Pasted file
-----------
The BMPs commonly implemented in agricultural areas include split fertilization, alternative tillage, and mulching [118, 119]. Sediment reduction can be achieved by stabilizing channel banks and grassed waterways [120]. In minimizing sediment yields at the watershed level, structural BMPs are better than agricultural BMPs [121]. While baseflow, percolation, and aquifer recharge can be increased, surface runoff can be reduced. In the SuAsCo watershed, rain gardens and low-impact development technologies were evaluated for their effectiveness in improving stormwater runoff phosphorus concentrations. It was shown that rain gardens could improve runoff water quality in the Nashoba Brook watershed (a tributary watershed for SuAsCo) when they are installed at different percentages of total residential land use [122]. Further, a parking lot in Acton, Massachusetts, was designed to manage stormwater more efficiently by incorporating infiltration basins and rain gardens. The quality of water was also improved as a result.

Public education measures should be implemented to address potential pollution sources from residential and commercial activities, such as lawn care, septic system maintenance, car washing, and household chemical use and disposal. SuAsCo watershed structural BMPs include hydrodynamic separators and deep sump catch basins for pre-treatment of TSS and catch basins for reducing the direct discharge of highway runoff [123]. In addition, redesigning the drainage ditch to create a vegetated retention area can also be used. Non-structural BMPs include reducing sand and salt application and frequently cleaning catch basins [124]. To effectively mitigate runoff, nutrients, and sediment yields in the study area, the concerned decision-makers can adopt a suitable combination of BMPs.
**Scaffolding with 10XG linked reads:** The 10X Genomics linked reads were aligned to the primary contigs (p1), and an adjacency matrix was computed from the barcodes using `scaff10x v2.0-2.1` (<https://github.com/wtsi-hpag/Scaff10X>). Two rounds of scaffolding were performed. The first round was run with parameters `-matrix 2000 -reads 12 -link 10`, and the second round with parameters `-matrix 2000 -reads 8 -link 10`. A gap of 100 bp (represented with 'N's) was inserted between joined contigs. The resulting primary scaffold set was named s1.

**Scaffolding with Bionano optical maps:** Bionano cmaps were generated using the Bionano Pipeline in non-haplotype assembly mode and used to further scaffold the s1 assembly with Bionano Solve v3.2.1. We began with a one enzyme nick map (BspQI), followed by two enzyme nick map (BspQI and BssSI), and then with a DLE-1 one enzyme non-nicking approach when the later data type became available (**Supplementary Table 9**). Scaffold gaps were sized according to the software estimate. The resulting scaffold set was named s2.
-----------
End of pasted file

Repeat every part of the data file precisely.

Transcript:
The BMPs commonly implemented in agricultural areas include split fertilization, alternative tillage, and mulching [118, 119]. Sediment reduction can be achieved by stabilizing channel banks and grassed waterways [120]. In minimizing sediment yields at the watershed level, structural BMPs are better than agricultural BMPs [121]. While baseflow, percolation, and aquifer recharge can be increased, surface runoff can be reduced. In the SuAsCo watershed, rain gardens and low-impact development technologies were evaluated for their effectiveness in improving stormwater runoff phosphorus concentrations. It was shown that rain gardens could improve runoff water quality in the Nashoba Brook watershed (a tributary watershed for SuAsCo) when they are installed at different percentages of total residential land use [122]. Further, a parking lot in Acton, Massachusetts, was designed to manage stormwater more efficiently by incorporating infiltration basins and rain gardens. The quality of water was also improved as a result.

Public education measures should be implemented to address potential pollution sources from residential and commercial activities, such as lawn care, septic system maintenance, car washing, and household chemical use and disposal. SuAsCo watershed structural BMPs include hydrodynamic separators and deep sump catch basins for pre-treatment of TSS and catch basins for reducing the direct discharge of highway runoff [123]. In addition, redesigning the drainage ditch to create a vegetated retention area can also be used. Non-structural BMPs include reducing sand and salt application and frequently cleaning catch basins [124]. To effectively mitigate runoff, nutrients, and sediment yields in the study area, the concerned decision-makers can adopt a suitable combination of BMPs.
**Scaffolding with 10XG linked reads:** The 10X Genomics linked reads were aligned to the primary contigs (p1), and an adjacency matrix was computed from the barcodes using `scaff10x v2.0-2.1` (<https://github.com/wtsi-hpag/Scaff10X>). Two rounds of scaffolding were performed. The first round was run with parameters `-matrix 2000 -reads 12 -link 10`, and the second round with parameters `-matrix 2000 -reads 8 -link 10`. A gap of 100 bp (represented with 'N's) was inserted between joined contigs. The resulting primary scaffold set was named s1.

**Scaffolding with Bionano optical maps:** Bionano cmaps were generated using the Bionano Pipeline in non-haplotype assembly mode and used to further scaffold the s1 assembly with Bionano Solve v3.2.1. We began with a one enzyme nick map (BspQI), followed by two enzyme nick map (BspQI and BssSI), and then with a DLE-1 one enzyme non-nicking approach when the later data type became available (**Supplementary Table 9**). Scaffold gaps were sized according to the software estimate. The resulting scaffold set was named s2.